2017 Toyota C-HR Launch Review

2017 Toyota C-HR Launch Review

2017 Toyota C-HR Road Test and Review…

There’s an all-new Toyota landing in dealerships this week – the Toyota C-HR.

In a market hungry for crossovers Toyota has taken its time entering a vehicle into the ultra-competitive segment, it has mostly been worth the wait though.

Sitting between the Corolla and the RAV4 in the range, the new offering provides sexy new styling in a package that gives you the extra ride height of a small SUV, but in an easy to drive package.

Power comes exclusively from a 1.2 litre turbocharged petrol engine.

2017 Toyota C-HR Launch Review

Transmission choice, in the base model at least, is six-speed manual or a CVT auto (with seven ‘steps’ if driving in manual mode).

The upper-spec Toyota C-HR Koba is auto-only.

All-wheel drive is available across the range at a $2,000 premium.

I had a drive of the upper-spec variant with the 2WD powertrain and came away quite convinced that Toyota has a potentially very successful model on its hands.

Yes, the seating position is up reasonably high, but the C-HR handles particularly well.

A double-wishbone rear suspension set-up delivers quite good road holding and the suspension set-up is quite pleasant too.

The only noticeable thing was how the new Toyota performed on lose gravel/unsealed roads – the feel here, especially from the rear, was quite twitchy.

In normal driving though, aside from only reasonable performance, the C-HR offers a reasonably good all-round package.

As is always the case, you might find that the manual would provide a more spirited drive, if that is important to you.

There is also a drive mode select across both manual and auto models, these allow you to run in Eco, Normal and Sports modes.

My test car averaged 8.5L/100km, the claimed rate for this variant is 6.4L/100km.

A couple of other observations from the drive – firstly, yes there is some wind noise around the windscreen/wing-mirrors when at speed.

And the extremely chunky C pillars (the ones at the rear of the car) do affect rear 3/4 visibility.

While inside the cabin of the C-HR you will find reasonably good legroom up front, though a bump in the floor just under the seat base pretty much prevents you from sitting in any position other than with legs straight out (if you are on the taller side).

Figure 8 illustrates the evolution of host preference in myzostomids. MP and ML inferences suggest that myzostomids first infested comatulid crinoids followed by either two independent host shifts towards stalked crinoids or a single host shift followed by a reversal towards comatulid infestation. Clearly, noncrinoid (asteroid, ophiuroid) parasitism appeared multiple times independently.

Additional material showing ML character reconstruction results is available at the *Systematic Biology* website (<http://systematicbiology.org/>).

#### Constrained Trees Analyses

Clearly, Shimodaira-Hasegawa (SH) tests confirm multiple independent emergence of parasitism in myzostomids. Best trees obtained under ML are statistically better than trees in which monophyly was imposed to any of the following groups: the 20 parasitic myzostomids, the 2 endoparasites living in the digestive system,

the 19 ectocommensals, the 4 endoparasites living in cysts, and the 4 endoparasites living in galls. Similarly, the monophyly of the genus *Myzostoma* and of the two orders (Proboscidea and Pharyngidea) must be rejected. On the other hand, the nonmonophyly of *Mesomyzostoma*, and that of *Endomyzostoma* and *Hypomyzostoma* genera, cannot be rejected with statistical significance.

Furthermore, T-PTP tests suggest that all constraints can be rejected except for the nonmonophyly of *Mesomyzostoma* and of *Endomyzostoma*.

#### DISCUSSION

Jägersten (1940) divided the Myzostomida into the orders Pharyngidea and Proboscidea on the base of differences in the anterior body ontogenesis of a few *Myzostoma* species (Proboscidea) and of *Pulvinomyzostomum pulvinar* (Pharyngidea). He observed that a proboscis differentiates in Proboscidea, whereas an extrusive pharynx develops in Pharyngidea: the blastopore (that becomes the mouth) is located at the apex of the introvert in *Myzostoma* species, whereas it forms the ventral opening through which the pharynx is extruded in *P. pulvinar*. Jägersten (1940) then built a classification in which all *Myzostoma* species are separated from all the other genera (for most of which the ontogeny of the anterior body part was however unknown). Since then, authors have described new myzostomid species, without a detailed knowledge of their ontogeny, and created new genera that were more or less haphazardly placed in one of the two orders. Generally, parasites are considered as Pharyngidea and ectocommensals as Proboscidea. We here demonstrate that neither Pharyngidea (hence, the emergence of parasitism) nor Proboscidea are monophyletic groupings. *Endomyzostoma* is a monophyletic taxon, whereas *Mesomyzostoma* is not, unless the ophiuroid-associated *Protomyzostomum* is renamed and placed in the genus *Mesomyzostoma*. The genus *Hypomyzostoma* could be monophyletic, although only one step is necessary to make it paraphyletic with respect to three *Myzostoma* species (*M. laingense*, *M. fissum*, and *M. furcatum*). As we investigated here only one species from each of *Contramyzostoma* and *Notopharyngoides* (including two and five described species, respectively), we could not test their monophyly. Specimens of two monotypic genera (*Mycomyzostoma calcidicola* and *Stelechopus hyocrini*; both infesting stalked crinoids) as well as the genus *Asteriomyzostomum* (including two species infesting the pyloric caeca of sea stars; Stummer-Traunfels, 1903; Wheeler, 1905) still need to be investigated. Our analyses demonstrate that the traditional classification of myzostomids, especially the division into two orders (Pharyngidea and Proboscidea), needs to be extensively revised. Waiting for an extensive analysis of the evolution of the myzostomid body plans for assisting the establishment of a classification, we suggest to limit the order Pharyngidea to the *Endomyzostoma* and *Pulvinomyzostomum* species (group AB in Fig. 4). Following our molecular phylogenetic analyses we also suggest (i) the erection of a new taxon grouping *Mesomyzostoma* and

The door pockets are really only large enough for a bottle, while the glove box is reasonably sized.

Same goes for the centre console box – it’s quite deep, though not particularly wide.

Rear seat legroom is only just adequate, while boot space (377 litres) is also reasonable.

The good bits inside the cabin include the fit and finish, the generally quite attractive materials/plastics, clear gauges, climate control settings and the positioning of the infotainment screen.

No Apple CarPlay or Android Auto here, however the Toyota system is generally quite dependable and easy to use.

The seats also provide quite good support and the side bolsters hold you in adequately as well.

Comfort levels are raised with reasonably soft armrests and the Toyota C-HR steering wheel feels good in your hands.

A note here for prospective buyers, you adjust drive modes via the arrows located on the right hand side of the steering wheel (this is not immediately obvious).

The C-HR also misses out on rear air-conditioning vents.

So there we have it, some early observations of a interesting new model from Toyota.

2017 Toyota C-HR Launch ReviewMore details on the standard features/model variants etc. is available here.

In the meantime, yes, this is a better than reasonable offering and one that is sure to attract many Australian car/SUV buyers in coming years.

I look forward to having an extended drive of the new Toyota C-HR in the near future.

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